Of all the bills that made up the Compromise of 1850, the Fugitive Slave Act was the most controversial. A fugitive is a person on the run from the law. It required citizens to assist in the recovery of fugitive slaves. It denied a fugitive's right to a jury trial. All that was required of a slave to be deprived of their freedom was for a slave-holder or any white witness to swear that the suspect was the slave holder’s property.

8 Uncle Tom’s Cabin One Northerner in particular who was astounded by the Fugitive Slave Act was Harriet Beecher Stowe, an abolitionist who had seen firsthand the plight of runaway slaves. She wrote a book called Uncle Tom’s Cabin, a novel about a kind slave with a cruel master. The novel was a bestseller in the North, convincing many of the cruelties of slavery. However many in the South were outraged at the book and said it was misleading and was propaganda: false or misleading information that is spread to further a cause.

9 Day 2: Road to War Do It Now!!
Why was slavery such a dividing issue before the start of the Civil War?

10 The Kansas-Nebraska Act
The Kansas-Nebraska Act was an 1854 bill created by Stephen Douglas that mandated “popular sovereignty”–allowing settlers of a territory to decide whether slavery would be allowed within a new state’s borders. Both the Kansas and the Nebraska territories laid an in area that the Missouri Compromise had banned slavery in. This meant that the area where the territories were located in would eventually enter the Union as free states.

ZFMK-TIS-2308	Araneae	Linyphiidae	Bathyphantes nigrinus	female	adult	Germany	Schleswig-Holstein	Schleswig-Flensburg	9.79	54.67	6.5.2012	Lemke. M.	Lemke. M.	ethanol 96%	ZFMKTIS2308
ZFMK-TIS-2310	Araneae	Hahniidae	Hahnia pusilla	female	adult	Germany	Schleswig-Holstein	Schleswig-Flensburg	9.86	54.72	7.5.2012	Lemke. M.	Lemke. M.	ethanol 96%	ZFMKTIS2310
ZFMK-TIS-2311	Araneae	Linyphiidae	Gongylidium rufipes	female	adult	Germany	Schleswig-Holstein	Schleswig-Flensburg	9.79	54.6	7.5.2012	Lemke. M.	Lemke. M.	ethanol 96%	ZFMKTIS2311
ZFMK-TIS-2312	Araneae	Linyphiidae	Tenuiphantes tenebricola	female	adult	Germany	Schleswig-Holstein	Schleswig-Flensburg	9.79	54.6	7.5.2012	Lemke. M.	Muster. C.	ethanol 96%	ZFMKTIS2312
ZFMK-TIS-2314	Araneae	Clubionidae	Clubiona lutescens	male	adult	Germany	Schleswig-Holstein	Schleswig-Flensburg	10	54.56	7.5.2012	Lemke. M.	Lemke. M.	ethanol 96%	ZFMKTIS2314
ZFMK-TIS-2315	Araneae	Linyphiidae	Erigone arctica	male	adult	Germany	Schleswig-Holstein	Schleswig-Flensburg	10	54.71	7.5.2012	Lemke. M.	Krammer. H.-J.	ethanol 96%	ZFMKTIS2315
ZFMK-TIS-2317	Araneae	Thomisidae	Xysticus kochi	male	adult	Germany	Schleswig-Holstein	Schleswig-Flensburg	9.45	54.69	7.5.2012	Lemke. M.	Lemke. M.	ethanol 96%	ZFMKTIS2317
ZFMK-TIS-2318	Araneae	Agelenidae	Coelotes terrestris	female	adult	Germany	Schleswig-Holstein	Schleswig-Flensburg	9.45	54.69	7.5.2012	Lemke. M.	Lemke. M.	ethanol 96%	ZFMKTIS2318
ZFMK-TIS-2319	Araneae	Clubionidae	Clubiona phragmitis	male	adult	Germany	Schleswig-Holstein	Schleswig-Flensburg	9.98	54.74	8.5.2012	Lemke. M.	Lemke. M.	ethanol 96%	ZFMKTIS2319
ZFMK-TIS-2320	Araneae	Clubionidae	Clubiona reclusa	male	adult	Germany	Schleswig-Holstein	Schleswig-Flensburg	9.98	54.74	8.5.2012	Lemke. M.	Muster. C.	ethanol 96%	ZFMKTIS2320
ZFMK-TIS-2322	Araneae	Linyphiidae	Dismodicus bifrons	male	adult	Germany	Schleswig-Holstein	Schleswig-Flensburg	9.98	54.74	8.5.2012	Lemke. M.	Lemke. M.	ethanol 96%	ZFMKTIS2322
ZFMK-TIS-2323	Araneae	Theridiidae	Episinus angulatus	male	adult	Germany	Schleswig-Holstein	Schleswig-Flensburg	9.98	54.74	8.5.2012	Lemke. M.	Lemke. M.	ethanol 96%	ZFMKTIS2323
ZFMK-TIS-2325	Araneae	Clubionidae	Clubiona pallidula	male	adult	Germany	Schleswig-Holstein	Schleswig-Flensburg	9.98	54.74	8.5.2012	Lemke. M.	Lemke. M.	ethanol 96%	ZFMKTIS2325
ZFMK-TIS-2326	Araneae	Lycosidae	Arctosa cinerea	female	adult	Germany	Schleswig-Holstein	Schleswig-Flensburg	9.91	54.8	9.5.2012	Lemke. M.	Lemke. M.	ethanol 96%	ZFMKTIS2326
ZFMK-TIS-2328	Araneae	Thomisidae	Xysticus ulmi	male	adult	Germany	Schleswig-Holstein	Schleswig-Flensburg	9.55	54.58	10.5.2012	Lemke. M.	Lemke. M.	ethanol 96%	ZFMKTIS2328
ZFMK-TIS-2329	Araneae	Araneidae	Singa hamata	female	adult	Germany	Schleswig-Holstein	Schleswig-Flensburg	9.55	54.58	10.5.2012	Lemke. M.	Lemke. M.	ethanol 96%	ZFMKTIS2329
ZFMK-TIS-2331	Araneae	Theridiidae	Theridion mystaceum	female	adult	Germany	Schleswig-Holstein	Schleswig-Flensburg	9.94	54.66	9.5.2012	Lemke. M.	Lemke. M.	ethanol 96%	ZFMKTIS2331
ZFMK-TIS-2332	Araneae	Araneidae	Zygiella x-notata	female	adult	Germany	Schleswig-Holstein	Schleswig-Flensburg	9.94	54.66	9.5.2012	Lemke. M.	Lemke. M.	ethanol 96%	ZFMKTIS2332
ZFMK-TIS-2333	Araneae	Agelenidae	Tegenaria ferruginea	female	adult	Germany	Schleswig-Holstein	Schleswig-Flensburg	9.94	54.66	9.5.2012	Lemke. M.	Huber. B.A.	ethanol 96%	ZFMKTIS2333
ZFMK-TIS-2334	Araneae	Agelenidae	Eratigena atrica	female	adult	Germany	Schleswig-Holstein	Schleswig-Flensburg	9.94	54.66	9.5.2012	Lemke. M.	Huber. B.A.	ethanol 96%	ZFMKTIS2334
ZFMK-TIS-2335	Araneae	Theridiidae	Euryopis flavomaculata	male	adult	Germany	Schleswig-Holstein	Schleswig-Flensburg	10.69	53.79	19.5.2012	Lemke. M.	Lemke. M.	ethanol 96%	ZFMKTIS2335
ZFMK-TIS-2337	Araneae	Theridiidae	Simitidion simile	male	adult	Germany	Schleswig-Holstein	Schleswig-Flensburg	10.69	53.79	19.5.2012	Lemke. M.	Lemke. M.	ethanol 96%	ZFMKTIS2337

11 Cont’d As could be expected, the Southerners approved of this proposal—while Northerners did not. They believed that Douglas had betrayed them by reopening the issue of slavery in the territories. Southern support enabled the Act to pass in Congress. President Franklin Pierce, a Democrat elected in 1852, signed the bill hoping that the slavery question would be forever banished from the halls of Congress.

12 Bleeding Kansas The issue of allowing slavery in Kansas was left up to white citizens to vote on. Quickly, a flood of both pro-slavery and anti-slavery supports rushed into the territory included thousands of Missourians who illegally voted in the election. When pro-slavery won by a large margin, the anti-slavery settlers refused to accept it and optioned to hold a second election. Kansas now had two governments, each accepting their right to impose their rule in the territory.

13 John Brown and the Pottawatomie Massacre